Holland v. National Union Fire Insurance Company of Pittsburgh, PA

Filing 88

ORDER DENYING Defendant's MOTION FOR RECONSIDERATION 80 signed by District Judge Troy L. Nunley on 4/11/16. (Mena-Sanchez, L)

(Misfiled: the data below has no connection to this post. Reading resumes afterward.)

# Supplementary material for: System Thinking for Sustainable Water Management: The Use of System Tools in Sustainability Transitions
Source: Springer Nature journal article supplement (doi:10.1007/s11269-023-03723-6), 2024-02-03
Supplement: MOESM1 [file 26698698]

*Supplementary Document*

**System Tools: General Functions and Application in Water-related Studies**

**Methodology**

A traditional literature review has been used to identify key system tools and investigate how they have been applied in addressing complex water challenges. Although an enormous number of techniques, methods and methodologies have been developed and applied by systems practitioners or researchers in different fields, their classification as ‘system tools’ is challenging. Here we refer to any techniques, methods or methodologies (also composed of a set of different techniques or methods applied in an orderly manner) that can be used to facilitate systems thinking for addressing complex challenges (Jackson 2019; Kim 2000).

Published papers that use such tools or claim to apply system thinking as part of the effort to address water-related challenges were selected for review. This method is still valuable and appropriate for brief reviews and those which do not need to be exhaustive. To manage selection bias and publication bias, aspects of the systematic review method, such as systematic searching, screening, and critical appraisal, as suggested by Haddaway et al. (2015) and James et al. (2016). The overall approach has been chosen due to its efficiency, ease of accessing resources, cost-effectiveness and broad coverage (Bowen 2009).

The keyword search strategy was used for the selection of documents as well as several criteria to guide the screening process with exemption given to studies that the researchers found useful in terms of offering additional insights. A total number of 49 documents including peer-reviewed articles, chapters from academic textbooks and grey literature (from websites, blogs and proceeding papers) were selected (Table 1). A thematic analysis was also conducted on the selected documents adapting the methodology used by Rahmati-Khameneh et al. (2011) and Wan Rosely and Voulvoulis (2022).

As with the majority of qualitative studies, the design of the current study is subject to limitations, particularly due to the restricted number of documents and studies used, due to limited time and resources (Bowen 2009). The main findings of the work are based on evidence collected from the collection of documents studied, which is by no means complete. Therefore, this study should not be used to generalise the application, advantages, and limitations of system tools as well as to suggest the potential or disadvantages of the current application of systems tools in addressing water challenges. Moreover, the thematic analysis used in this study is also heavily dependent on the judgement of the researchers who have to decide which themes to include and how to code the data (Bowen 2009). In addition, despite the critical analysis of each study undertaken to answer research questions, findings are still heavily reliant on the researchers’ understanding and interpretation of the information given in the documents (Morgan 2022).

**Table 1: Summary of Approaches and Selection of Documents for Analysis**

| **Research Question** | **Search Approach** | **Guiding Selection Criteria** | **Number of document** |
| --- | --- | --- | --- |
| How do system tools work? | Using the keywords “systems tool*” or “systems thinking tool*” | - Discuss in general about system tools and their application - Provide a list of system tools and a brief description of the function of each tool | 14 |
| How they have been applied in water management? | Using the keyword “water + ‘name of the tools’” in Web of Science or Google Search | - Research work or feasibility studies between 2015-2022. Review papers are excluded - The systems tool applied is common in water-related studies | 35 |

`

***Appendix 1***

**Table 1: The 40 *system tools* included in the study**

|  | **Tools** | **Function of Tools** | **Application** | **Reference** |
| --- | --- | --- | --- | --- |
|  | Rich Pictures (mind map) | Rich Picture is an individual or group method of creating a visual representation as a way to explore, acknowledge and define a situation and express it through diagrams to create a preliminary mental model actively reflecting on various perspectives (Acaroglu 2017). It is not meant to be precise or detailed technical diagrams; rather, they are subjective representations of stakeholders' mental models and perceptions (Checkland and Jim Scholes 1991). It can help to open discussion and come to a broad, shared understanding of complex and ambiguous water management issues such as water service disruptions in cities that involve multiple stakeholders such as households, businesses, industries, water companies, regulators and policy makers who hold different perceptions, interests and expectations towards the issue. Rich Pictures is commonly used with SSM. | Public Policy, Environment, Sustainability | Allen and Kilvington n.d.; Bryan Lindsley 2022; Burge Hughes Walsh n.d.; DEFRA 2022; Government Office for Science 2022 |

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1 2 3 4 5 6 7 8 UNITED STATES DISTRICT COURT 9 EASTERN DISTRICT OF CALIFORNIA 10 11 DONALD HOLLAND, 12 13 14 15 Plaintiff, v. ORDER DENYING DEFENDANT’S MOTION FOR RECONSIDERATION NATIONAL UNION FIRE INSURANCE COMPANY OF PITTSBURGH, PA, Defendant. 16 17 No. 2:12-CV-01983 TLN AC This matter is before the Court pursuant to Defendant National Union Fire Insurance 18 Company of Pittsburgh, PA’s (“Defendant”) Motion for Reconsideration. (ECF No. 80.) 19 Plaintiff Donald Holland (“Plaintiff”) has filed an opposition (ECF No. 81) to which Defendant 20 has replied (ECF No. 82). The Court has carefully considered the briefing filed by the parties and 21 for the reasons set forth below hereby DENIES Defendant’s motion. 22 I. FACTUAL BACKGROUND 23 Plaintiff is a 49 year old man who owned and ran his own heating and air conditioning 24 business starting in 1995. (Pl.’s SUF, ECF No. 48 at ¶ 1.) In June, 2010, Plaintiff’s business 25 bank, U.S. Bank, solicited him for Blanket Accident Insurance policies. (ECF No. 48 at ¶ 2.) On 26 June 29, 2010, Plaintiff completed the request for insurance provided to him by U.S. Bank. (ECF 27 No. 48 at ¶ 3.) The policies did not require a formal application or physical examination. 28 The application did not include questions concerning Plaintiff’s health, existing medical 1 1 conditions, or age. (ECF No. 48 at ¶ 3.) Plaintiff states that at the time of application and up 2 until he was involved in an accident, Plaintiff believed he was in excellent health. (ECF No. 48 at 3 ¶ 4.) He frequently worked 40 or more hours per week in a strenuous occupation and had been 4 doing the same work for more than 15 years. (ECF No. 48 at ¶ 4.) During this time, Plaintiff 5 states that he “never experienced any significant back, neck or muscle problems which caused 6 him to be unable to work in his occupation for any significant amount of time.” (ECF No. 48 at ¶ 7 4.) Over the week of July 4, 2010, Plaintiff, his 22 year old son, and Plaintiff’s fiancé at the 8 9 time (now wife) helped his fiancé’s daughter move to San Diego to attend college. (ECF No. 48 10 at ¶ 5.) They rented a U-Haul truck and loaded it with personal items and heavy furniture. (ECF 11 No. 48 at ¶ 5.) They drove to San Diego. He and his son unloaded furniture and moved a heavy 12 couch up to a second floor apartment. (ECF No. 48 at ¶ 5.) They had to carry this couch upstairs 13 as it did not fit in the residence elevator. (ECF No. 48 at ¶ 5.) Within a day or so, they drove 14 back to Sacramento. (ECF No. 48 at ¶ 5.) Travel each way took about ten hours. (ECF No. 48 at 15 ¶ 5.) Upon returning to Sacramento, Plaintiff experienced some back pain and at the urging of his 16 fiancé went to see his primary care physician on July 8, 2010. (ECF No. 48 at ¶ 6.) Plaintiff’s medical records from the examination of July 8, 2010, indicated that he had “no 17 18 sign of atrophy or weakness of either upper or lower extremities.” (ECF No. 48 at ¶ 7.) He had 19 “no skeletal tenderness or deformity.” (ECF No. 48 at ¶ 7.) He was given a “lab slip for blood 20 test.” (ECF No. 48 at ¶ 7.) The doctor’s notes specifically indicate: “PT SAID HE DOES NOT 21 NEED ANY MEDS FOR HIS BACK AT THIS POINT.” (ECF No. 48 at ¶ 7.) Plaintiff’s 22 diagnosis was “Lumbar back sprain.” (ECF No. 48 at ¶ 7.) Plaintiff states that his back pain 23 resolved on its own a few days after the doctor’s appointment, and that he was able to return to 24 work without incident until his October 2010 accident. (ECF No. 48 at ¶ 8.) 25 26 On October 19, 2010, Plaintiff and Jeff Balibrera (a contractor in the heating and air conditioning business) went to the Sagittarius job site1 and began the general layout and 27 1 28 The Sagittarius job was to install the ductwork and heating and air conditioning systems on a new construction project for Dr. Dennis Moore on Sagittarius Road in Placerville, California. (ECF No. 48 ¶ 11.) 2 1 installation. (ECF No. 48 ¶ 14.) At the end of the day on October 20, 2010, Plaintiff and Mr. 2 Balibrera installed a 152 pound furnace. (ECF No. 48 ¶ 17.) Plaintiff and Mr. Balibrera moved 3 the furnace vertically up into the rafters of the home. (ECF No. 48 ¶ 20.) Once in the rafters they 4 moved it near the pedestal. (ECF No. 48 ¶ 20.) It was at this time that Plaintiff moved the unit to 5 his side by performing a twisting motion while holding the 152 pound furnace and felt a terrible 6 pain in his back. (ECF No. 48 ¶ 20.) Plaintiff described the pain as immediate and excruciating. 7 (ECF No. 48 ¶ 21.) Plaintiff was able to drive himself home but remained in pain that night. 8 (ECF No. 48 ¶ 21.) On October 21, 2010, Plaintiff returned to the job site but was unable to 9 perform any “meaningful” work activity due to his pain. (ECF No. 48 ¶ 22.) He spent most of 10 the day lying on the cement floor at the job site. (ECF No. 48 ¶ 22.) On October 22, 2010, 11 Plaintiff’s fiancée brought him to Marshall Hospital Emergency Department for treatment. (ECF 12 No. 48 ¶ 23.) At first an Emergency Department nurse told Plaintiff he may have a kidney stone 13 but after examination Plaintiff was informed that he had sciatica. (ECF No. 48 ¶ 24.) Plaintiff 14 was given IV medication and eventually released. (ECF No. 48 ¶ 24.) After just a few hours 15 Plaintiff experienced even more pain resulting in a 911 call. (ECF No. 48 ¶ 25.) The paramedics 16 assisted Plaintiff down the stairs since he could no longer ambulate. (ECF No. 48 ¶ 25.) On 17 October 23, 2010, an MRI was performed on Plaintiff, and he was informed that he needed 18 emergency back surgery. (ECF No. 48 ¶ 27.) Following surgery, Plaintiff became paraplegic. 19 (ECF No. 48 ¶ 47.) 20 In the Spring of 2011, Plaintiff provided proper notice of his insurance claim to 21 Defendant. (ECF No. 2 ¶ 14). Defendant’s agent then sent Plaintiff several claim forms which 22 Plaintiff completed and returned. (ECF No. 2 ¶ 15). When Plaintiff did not receive any 23 substantive responses from Defendant, Plaintiff and his counsel sent multiple letters and 24 facsimiles to Defendant. (ECF No. 2 ¶ 16). Plaintiff alleges that Defendant still has not provided 25 any substantive responses to Plaintiff’s requests for information on the processing of his claims. 26 (ECF No. 2 ¶ 16). 27 28 Plaintiff filed a negligence action against his healthcare professionals in March 2011. (ECF No. 55.) That case was not before this Court, but settled pursuant to a confidential 3 1 settlement agreement. (ECF No. 55.) Plaintiff initiated the instant case on July 30, 2012, alleging 2 breach of an implied covenant of good faith and fair dealing, as well as breach of the insurance 3 contract with Plaintiff. (Complaint, ECF No. 2.) On March 3, 2014, Plaintiff filed a motion for 4 partial summary judgment requesting that judgment be entered in his favor on his Second Claim 5 for Relief for breach of contract. (ECF No. 51.) On April 3, 2014, Defendant responded by filing 6 a Cross Motion for Summary Judgment. (ECF No. 53). On December 4, 2014, this Court issued 7 an order denying both parties’ motions for summary judgment. (ECF No. 72.) Defendant filed 8 the instant motion for reconsideration nine months later, on September 3, 2015. (ECF No. 80.) 9 10 11 II. LEGAL STANDARD Federal Rule of Civil Procedure 60(b) (“Rule 60”) governs Defendant’s motion for reconsideration and states as follows: 12 13 On motion and just terms, the court may relieve a party or its legal representative from a final judgment, order, or proceeding for the following reasons: 14 (1) mistake, inadvertence, surprise, or excusable neglect; 15 (2) newly discovered evidence that, with reasonable diligence, could not have been discovered in time to move for a new trial under Rule 59(b); 16 17 (3) fraud (whether previously called intrinsic or extrinsic), misrepresentation, or misconduct by an opposing party; 18 (4) the judgment is void; 19 (5) the judgment has been satisfied, released, or discharged; it is based on an earlier judgment that has been reversed or vacated; or applying it prospectively is no longer equitable; or 20 21 (6) any other reason that justifies relief. 22 23 Therefore, for relief to be afforded, Defendant must meet one of Rule 60(b)’s criteria for relief. 24 III. ANALYSIS 25 Defendant’s Notice of Motion contends that it is seeking reconsideration of three issues: 26 (1) The court’s denial of its summary judgment with regard to the medical malpractice exclusion; 27 (2) the denial of its summary judgment with regard to whether Plaintiff’s injury was the result of 28 an “accident”; and (3) the court’s purported failure to decide that there can be no claim for bad 4 1 faith and punitive damages. (ECF No. 80 at 2.) At the outset, the Court notes that none of the 2 reasons for Defendant’s motion meets the requirements set forth by Rule 60. However, the Court 3 addresses each contention separately below. 4 A. Medical Malpractice Exclusion 5 Defendant asserts that this Court committed clear error because the Court determined that 6 the cause of Plaintiff’s original injury was a question of fact, whereas “the only relevant question 7 was whether negligent medical treatment proximately caused or contributed to [P]laintiff’s 8 ‘complete and irreversible paralysis,’ i.e. the medical condition required to trigger coverage.” 9 (Def.’s Mem of P&A, ECF No. 80-1 at 6.) Defendant’s interpretation of the Court’s previous 10 order misses the point. The Court’s order explained that there is a question of fact as to whether 11 the injury (Plaintiff’s paraplegia) was caused by the medical treatment / failure to treat Plaintiff as 12 opposed to the accident with the furnace. There is a question as to whether Plaintiff’s paraplegia 13 was caused by a degenerative disease or by the accident. In the event that it was caused by the 14 accident, the Court must at this juncture allow for the possibility that even had medical 15 professionals effectively done everything in their power to treat Plaintiff, that Plaintiff’s 16 paraplegia was unpreventable. In other words, it is not clear to the Court as to whether anything 17 could have been done by healthcare providers to prevent Plaintiff’s paraplegia. Defendant’s 18 motion does not account for this possibility. Instead, Defendant seems to rely on an assumption 19 that Plaintiff’s medical treatment at least contributed to Plaintiff’s injury. Although such an 20 assumption is reasonable, it is an assumption of a material fact, and the Court is unable to make 21 such a determination without a finder of fact. See generally Simo v. Union of Needletrades, 322 22 F.3d 602, 610 (9th Cir. 2003) (“Summary judgment is improper if ‘there are any genuine factual 23 issues that properly can be resolved only by a finder of fact because they may reasonably be 24 resolved in favor of either party.’”) (quoting Anderson v. Liberty Lobby, Inc., 477 U.S. 242, 250 25 (1986)). In the event that Defendant intends to argue that any involvement with a medical 26 professional contributes to an injury thus invoking its exemption clause, such an interpretation 27 would be absurd and in contravention to the purpose of the policy. See Roden v. 28 AmerisourceBergen Corp., 186 Cal. App. 4th 620, 651‒52 (2010) (“[Courts] must interpret a 5 1 contract in a manner that is reasonable and does not lead to an absurd result.”); see also Balsam v. 2 Tucows Inc., 627 F.3d 1158, 1162 (9th Cir. 2010) (applying Roden). 3 Defendant also asserts that Plaintiff is judicially estopped from asserting that healthcare 4 professionals were not responsible for his injuries under the doctrine of judicial estoppel because 5 of Plaintiff’s previous suit against his healthcare providers. (ECF No. 80-1 at 3‒4.) “Where a 6 party assumes a certain position in a legal proceeding, and succeeds in maintaining that 7 position, he may not thereafter, simply because his interests have changed, assume a contrary 8 position, especially if it be to the prejudice of the party who has acquiesced in the position 9 formerly taken by him.” Davis v. Wakelee, 156 U.S. 680, 689 (1895) (internal quotations 10 omitted) (emphasis added). The courts have articulated several factors used to inform a court as 11 to whether to apply this doctrine: 12 13 14 15 16 17 18 19 20 21 22 23 24 First, a party’s later position must be “clearly inconsistent” with its earlier position. United States v. Hook, 195 F.3d 299, 306 (7th Cir. 1999); In re Coastal Plains, Inc., 179 F.3d 197, 206 (5th Cir. 1999); Hossaini v. Western Mo. Medical Center, 140 F.3d 1140, 1143 (8th Cir. 1998); Maharaj v. Bankamerica Corp., 128 F.3d 94, 98 (2d Cir. 1997). Second, courts regularly inquire whether the party has succeeded in persuading a court to accept that party’s earlier position, so that judicial acceptance of an inconsistent position in a later proceeding would create “the perception that either the first or the second court was misled,” Edwards v. Aetna Life Ins. Co., 690 F.2d 595, 599 (6th Cir. 1982). Absent success in a prior proceeding, a party’s later inconsistent position introduces no “risk of inconsistent court determinations,” United States v. C.I.T. Constr. Inc., 944 F.2d 253, 259 (5th Cir. 1991), and thus poses little threat to judicial integrity. See Hook, 195 F.3d. at 306; Maharaj, 128 F.3d. at 98; Konstantinidis, 626 F.2d. at 939. A third consideration is whether the party seeking to assert an inconsistent position would derive an unfair advantage or impose an unfair detriment on the opposing party if not estopped. See Davis, 156 U.S., at 689, 15 S.Ct. 555; Philadelphia, W., & B.R. Co. v. Howard, 13 How. 307, 335‒37, 14 L.Ed. 157 (1851); Scarano v. Central Rail C. N.J., 203 F.2d. 510, 513 (3d Cir. 1953) (judicial estoppel forbids use of “intentional self-contradiction ... as a means of obtaining unfair advantage”); see also 18 Wright § 4477, p. 782. 25 New Hampshire v. Maine, 532 U.S. 742, 750‒51 (2001). The Court finds the second factor―that 26 the party to be estopped must have convinced the first court to adopt its position―to be lacking. 27 28 Here, Defendant is seeking to employ judicial estoppel in a situation where the parties executed a sealed settlement. There was no determination made by the court. See City of 6 1 Kingsport v. Steel & Roof Structure, Inc., 500 F.2d 617, 620 (6th Cir. 1974) (success in prior 2 proceeding necessary); Hook, 195 F.3d at 306 (“the party to be estopped must have convinced the 3 first court to adopt its position”). Moreover, as discussed in this Court’s previous order, the Ninth 4 Circuit has found that inconsistent factual allegations are proper. See Molsbergen v. United 5 States, 757 F.2d 1016, 1018‒19 (9th Cir. 1985).2 Thus, the Court finds no error in its previous 6 order denying Defendant’s motion for summary judgment. 7 B. Plaintiff’s Accident 8 Defendant next avers that California case law does not support a finding that an accident 9 occurred. In support, Defendant cites Alessandro v. Massachusetts Casualty Ins. Co., 232 Cal. 10 App. 2d 203 (1965) and Williams v. Hartford Accident & Indemnity Co., 158 Cal. App. 3d 229 11 (1984). (ECF No. 80-1 at 10‒11.) The Court addresses each of these cases in turn. 12 Defendant argues that this Court’s “reasoning was erroneously premised on 13 misinterpretation of dicta in Alessandro.” (ECF No. 80-1 at 12.) The Alessandro court defined 14 an accident as: 15 a casualty-something out of the usual course of events and which happens suddenly and unexpectedly and without design of the person injured. (Rock v. Travelers Ins. Co., 172 Cal. 462, 465 [156 P. 1029, L.R.A.1916E 1196]; Richards v. Travelers Ins. Co., 89 Cal. 170, 175 [26 P. 762, 23 Am. St. Rep. 455].)’ (Zuckerman v. Underwriters at Lloyd’s, 42 Cal.2d 460, 473 [267 P.2d 777].) It ‘ “includes any event which takes place without the foresight or expectation of the person acted upon or affected by the event.” ‘ (Richards v. Travelers Ins. Co., 89 Cal. 170, 176 [26 P. 762, 23 Am. St. Rep. 455]; see also Ritchie v. Anchor Casualty Co., 135 Cal. App. 2d 245, 252‒253 [286 P.2d 1000]; Moore v. Fidelity & Cas. Co., 140 Cal. App. 2d Supp. 967, 971 [295 P.2d 154].) 16 17 18 19 20 21 22 Id. at 208. The crux of Defendant’s argument is that like in Alessandro, no “unexpected event” 23 2 24 25 26 27 28 “Pursuant to Rule 8(e)(2), ‘[a] party may set forth two or more statements of a claim or defense alternatively or hypothetically.” The Rule further provides that “[a] party may also state as many separate claims or defenses as he has regardless of consistency.” Id. Clearly, a policy which permits one claim to be invoked as an admission against an alternative or inconsistent claim would significantly restrict, if not eliminate, the freedom to plead inconsistent claims provided by Rule 8(e)(2). Thus, courts have been reluctant to permit one pleading to be read as a judicial or evidentiary admission against an alternative or inconsistent pleading. See Douglas Equipment, Inc. v. Mack Trucks, Inc., 471 F.2d 222 (7th Cir. 1972); Continental Insurance Co. v. Sherman, 439 F.2d 1294 (5th Cir. 1971); Giannone v. United States Steel Corp., 238 F.2d 544 (3d Cir. 1956); McCormick, Evidence § 265 (2nd ed. 1972). Cf. Ryan v. Foster and Marshall, 556 F.2d 460, 463 (9th Cir. 1977) (plaintiffs’ assertion of inconsistent and alternative claims may not be construed as a waiver by plaintiffs of their rights to recovery under either claim).” 7 1 2 occurred. The facts in Alessandro are as follows: Plaintiff was an owner and operator of a business 3 which repaired and maintained all types of refrigeration and air conditioning equipment. Id. at 4 205‒06. This necessitated the replacement of worn or burned-out parts, reconditioning old parts, 5 repairing leaks, recharging with gas, replacement of motors, and incidental related duties. Id. at 6 206. On the day in question the appellant was engaged in repairing a refrigerator walk-in box 7 which was sunken about one foot in the ground. Id. Sitting on a ledge formed by the ground, it 8 was necessary to bend forward in an awkward position to replace a control. Id. “He was not 9 doing any lifting at the time, nor was he struck on the back in any way, nor did he experience any 10 external force on any part of his body.” Id. When he tried to straighten up he felt as though his 11 body from the waist down was paralyzed and experienced pain radiating from his back to the left 12 leg. Id. 13 The court ultimately made the determination that an accident had not occurred because 14 nothing outside “the usual course of events” happened “suddenly and unexpectedly without any 15 design of the [plaintiff] except the result, that is, the fact that the [plaintiff] could not immediately 16 straighten up and was subsequently disabled.” Id. at 209. 17 18 19 In this Court’s previous order, the Court distinguished the facts in the instant case from those in Alesandro stating that 25 In Alessandro, . . . [the plaintiff] was not lifting anything at the time, but rather he was bent forward in an awkward position. Id. When he straightened up, he experienced pain radiating from his back to his left leg. Id. In Alessandro, the court held that there was no “evidence of falling, slipping, overexertion or of any external force striking the body of the appellant. He was doing his usual work, in a usual way…” Alessandro, 232 Cal. App. 2d at 208. On the contrary, in the present case there is evidence of overexertion. Plaintiff was holding a 152 pound furnace and twisting when he experienced the terrible back pain. (ECF No. 56 ¶ 20.) This was more than just an awkward position, but rather overexertion from lifting a heavy object and twisting. Therefore, the Alessandro holding does not apply here. 26 (ECF No. 72 at 8.) Defendant misconstrues this Court’s order and argues that the Court made its 27 determination based on whether an external force caused the accident. Again, Defendant misses 20 21 22 23 24 28 8 1 the point.3 The Court’s order simply articulated that an external force, or in this case 2 overexertion, can indicate that an unexpected event occurred and that the evidence here would 3 allow a jury to find that an unexpected event occurred and caused Plaintiff’s injury. Thus, the 4 Court does not find that Alessandro bars Plaintiff’s claim. 5 In Williams, the following events occurred: 6 While seated at the desk in his law office, [appellant] observed a round circle in the field of vision of his right eye. When he pressed the small of his finger against his eyelid the spot disappeared. Believing his eyelashes were sticking, he trimmed them. F ive days later he had difficulty wearing his contact lenses because of eye irritation. The following morning, May 30th, he awoke at approximately 4:45 a.m. and observed a pie-shaped portion taken out of the lower center section of the field of vision of his right eye. Since he was not in pain, he decided to take his routine, two-mile jog and call his eye doctor after he got to his law office. Appellant’s jog went as always. He experienced no pain, nor did he observe any change in the obstruction in the field of vision of his right eye. He did not fall, bump into anyone, or even stop suddenly. He traveled over the same jogging path he typically traveled. 7 8 9 10 11 12 13 14 Later the same morning, appellant was diagnosed as having a detached retina and was hospitalized. On June 2, 1978, he had an eight-hour surgery to correct the condition. Several days later his eye hemorrhaged, and a second corrective surgery took place on August 21 or 22, 1978. On September 28, 1978, he was told for the first time that the surgery had not been successful and that he would never regain any sight in his right eye. 15 16 17 18 Williams, 158 Cal. App. 3d at 230‒31. The court found that an “accident” under appellant’s 19 insurance policy had not occurred because the facts of the case concerned “a series of 20 imperceptible events that finally culminated in a single tangible harm” and not . . . a specific 21 event or a series of specific events each of which manifested itself at an identifiable time and each 22 of which caused identifiable harm.” Id. at 234 (internal quotations omitted). Here, there is an 23 issue of material fact as to whether Plaintiff’s injury was caused by a degenerative disease or 24 3 25 26 27 The Court notes that Defendant asserts that the Court relied on dicta within the Alessandro opinion. However, this argument is not well taken in light of California’s Second District Court of Appeal’s treatment of Alessandro’s holding. See Williams v. Hartford Accident & Indem. Co., 158 Cal. App. 3d 229, 234 (1984) (“So, it is manifest that in Alessandro there was absent any ‘evidence of falling, slipping, overexertion, or of any external force striking the body of the appellant. ... There was nothing outside “the usual course of events” which happened “suddenly and unexpectedly without any design of the” appellant (Rock v. Travelers’ Ins. Co., 172 Cal. 462, 465 ...) except the result, ....’ ( Alessandro v. Massachusetts Cas. Ins. Co., supra., 232 Cal. App. 2d 203, 209.)”). 28 9 1 while twisting the furnace he was attempting to install. If the injury was caused by the former, 2 then the injury would not be recoverable under the policy. However, the Court cannot decide this 3 matter without a finder of fact and thus summary judgment as to this matter is inappropriate. See 4 generally Simo v. Union of Needletrades, 322 F.3d 602, 610 (9th Cir. 2003). Therefore, the 5 Court’s ruling that as to Defendant’s summary judgment claim is not erroneous. 6 C. Bad Faith and Punitive Damages 7 Finally, Defendant argues that the Court should dismiss Plaintiff’s prayer for bad faith and 8 punitive damages because there is a “genuine dispute over coverage, entitling National Union at a 9 minimum to partial summary judgment of this cause of action.” (ECF No. 80-1 at 14.) In 10 response, Plaintiff asserts that Defendant intentionally failed to “investigate what factually 11 occurred, but instead embarked on a course of conduct to manufacture evidence to support its 12 denial by getting further reports from Dr. Topper.” (ECF No. 81 at 13.) Plaintiff asserts that 13 “National Union had the opportunity to ask him any questions about the injury and paraplegia,” 14 and “purposely did not ask the single question needed to understand coverage: Whether Mr. 15 Holland would be paraplegic had he not lifted that furnace.” (ECF No. 81 at 13(citing Ex. J to the 16 Supp. Dec. of Daniel S. Glass, Langley Dep. at 124:25‒125:3).) 17 Although the Court’s previous order did not explicitly state that the Court could not make 18 a determination as to whether Plaintiff’s request for bad faith and punitive damages was 19 recoverable, these prayers for relief stem from Plaintiff’s breach of good faith and fair dealing 20 claim. Thus, it naturally flowed that since the order stated that material issues of fact remained as 21 to Plaintiff’s breach of good faith and fair dealing claim, a determination as to the availability of 22 bad faith and punitive damages was inappropriate. However, in light of Defendant’s motion for 23 reconsideration and in an effort to clarify this Court’s previous ruling, the Court offers the 24 following reasoning: 25 Plaintiff has alleged an element of bad faith, specifically that Defendant has not attempted 26 “in good faith to reasonably investigate, evaluate and to effectuate a prompt, fair and equitable 27 settlement of plaintiff’s claim after liability had become absolutely clear.” (ECF No. 2. at ¶ 28 22(d).) Courts have found bad faith in situations where the insurer has made only a “perfuncatory 10 1 investigation” regardless of whether there is a genuine dispute to coverage. See Wilson v. 21st 2 Century Ins. Co., 42 Cal. 4th 713, 723 (2007), as modified (Dec. 19, 2007) (“ The genuine dispute 3 rule does not relieve an insurer from its obligation to thoroughly and fairly investigate, process 4 and evaluate the insured’s claim. A genuine dispute exists only where the insurer’s position is 5 maintained in good faith and on reasonable grounds.”); Mariscal v. Old Republic Life Ins. Co., 42 6 Cal. App. 4th 1617, 1624 (1996), as modified (Mar. 29, 1996) (An insurer has a “duty to 7 thoroughly investigate the circumstances to determine whether the accident was a factor causing 8 his death.”); Egan v. Mut. of Omaha Ins. Co., 24 Cal. 3d 809, 818‒19 (1979) (“When the insurer 9 unreasonably and in bad faith withholds payment of the claim of its insured, it is subject to 10 liability in tort. For the insurer to fulfill its obligation not to impair the right of the insured to 11 receive the benefits of the agreement, it again must give at least as much consideration to the 12 latter’s interests as it does to its own.”); see also Progressive W. Ins. Co. v. Tiscareno, No. 08- 13 CV-180 W (CAB), 2010 WL 3063276, at *5 (S.D. Cal. Aug. 3, 2010) (finding that summary 14 judgment was not appropriate as to a bad faith claim involving an insurer where there was a 15 material issue of fact as the insurer’s reasonableness in delaying payments). 16 Here, there are allegations that Defendant did not adequately investigate whether 17 Plaintiff’s condition was caused by his lifting of the 152 lb. furnace. (ECF No. 62 at 14.) In fact, 18 Plaintiff asserts that Defendant failed to even interview Plaintiff or the witness to the accident and 19 instead solely relied on their expert to disclaim coverage. (ECF No. 62 at 14.) Therefore, there is 20 a genuine dispute as to whether Defendant fulfilled its obligation to Plaintiff. See 21 Frommoethelydo v. Fire Ins. Exch., 42 Cal. 3d 208, 220 (1986) (finding a breach where the 22 insurer was advised of the existence of witnesses who had observed the equipment in plaintiff’s 23 house, and the insurer failed to investigate). Because Plaintiff has demonstrated that genuine 24 issues of material fact exist regarding Defendant’s reasonableness, summary judgment is not 25 appropriate. See Fed. R. Civ. P. 56(c); Celotex Corp. v. Catrett, 477 U.S. 317, 322, 106 S.Ct. 26 2548, 91 L.Ed.2d 265 (1986). 27 Similarly, Defendant fails to show that the Court should have granted summary judgment 28 as to Plaintiff’s prayer for punitive damages. Civil Code section 3294 provides: “In an action for 11 1 the breach of an obligation not arising from contract, where the defendant has been guilty of 2 oppression, fraud, or malice, express or implied, the plaintiff, in addition to the actual damages, 3 may recover damages for the sake of example and by way of punishing the defendant.” Egan v. 4 Mut. of Omaha Ins. Co., 24 Cal. 3d 809, 819 (1979). The special relationship between the insurer 5 and the insured illustrates the public policy considerations that support exemplary damages in 6 such cases. Id. This relationship is inherently unbalanced due to the adhesive nature of insurance 7 contracts which place the insurer in a superior bargaining position. See Jonathan Neil & 8 Associates, Inc. v. Jones, 33 Cal. 4th 917, 937 (2004), as modified (Oct. 20, 2004) (“In the area of 9 insurance contracts the covenant of good faith and fair dealing has taken on a particular 10 significance, in part because of the special relationship between the insurer and the insured.”). 11 Thus, the California Supreme Court has found that the availability of punitive damages is 12 compatible with the recognition of insurers’ underlying public obligations and reflects an attempt 13 to restore balance in the contractual relationship. Egan, 24 Cal. 3d at 820. 14 In Hughes v. Blue Cross of Northern Calif., 215 Cal. 3d 832, 847 (1989), the First District 15 California Court of Appeals upheld a punitive damages award where “there was evidence that the 16 denial of respondent’s claim was not simply the unfortunate result of poor judgment but the 17 product of the fragmentary medical records, a cursory review of the records, the consultant’s 18 disclaimer of any obligation to investigate, the use of a standard of medical necessity at variance 19 with community standards, and the uninformative follow-up letters sent to the treating 20 physicians.” Here, aside from Plaintiff’s allegation that Defendant failed to investigate, Plaintiff 21 has also alleged that Defendant has engaged in widespread and prolific marketing of “blanket 22 accident” policies that they have no intention of paying disability benefits under. Plaintiff alleges 23 that Defendant has a number of improper practices and violations that have been cited by 24 insurance regulators, including but not limited to: delays and errors in processing claims; product 25 limitations not explained clearly; failure to use properly licensed people to sell insurance 26 products; and failure to fulfill and administer policies after sale.4 (Ex. K, ECF No. 63.) Based on 27 4 28 The Court anticipates that Defendant will oppose the admittance of evidence regarding Defendant’s past conduct concerning such policies, arguing that any policies other than the instant policy and Plaintiff are irrelevant and highly prejudicial. The Order in no way indicates whether the Court will allow such evidence at trial. The Court 12 1 such allegations, the Court finds that summary judgment as to Plaintiff’s prayer for punitive 2 damages would be inappropriate at this juncture. 3 IV. CONCLUSION 4 For the foregoing reasons, Defendant’s motion for reconsideration (ECF No. 80) is hereby 5 DENIED. Defendant has requested in the alternative that this Court grant certification for 6 interlocutory appeal, under 28 U.S.C. § 1292(b). As this matter is scheduled for trial in 7 September 2016, the Court finds that it would be inefficient to delay this matter any further. 8 Thus, the Court will allow Defendant to appeal, but will not stay this case during the pendency. 9 IT IS SO ORDERED. 10 11 Dated: April 11, 2016 12 Troy L. Nunley United States District Judge 13 14 15 16 17 18 19 20 21 22 23 24 25 26 27 28 declines to make any determinations at this time as such matters are appropriate for motions in limine. 13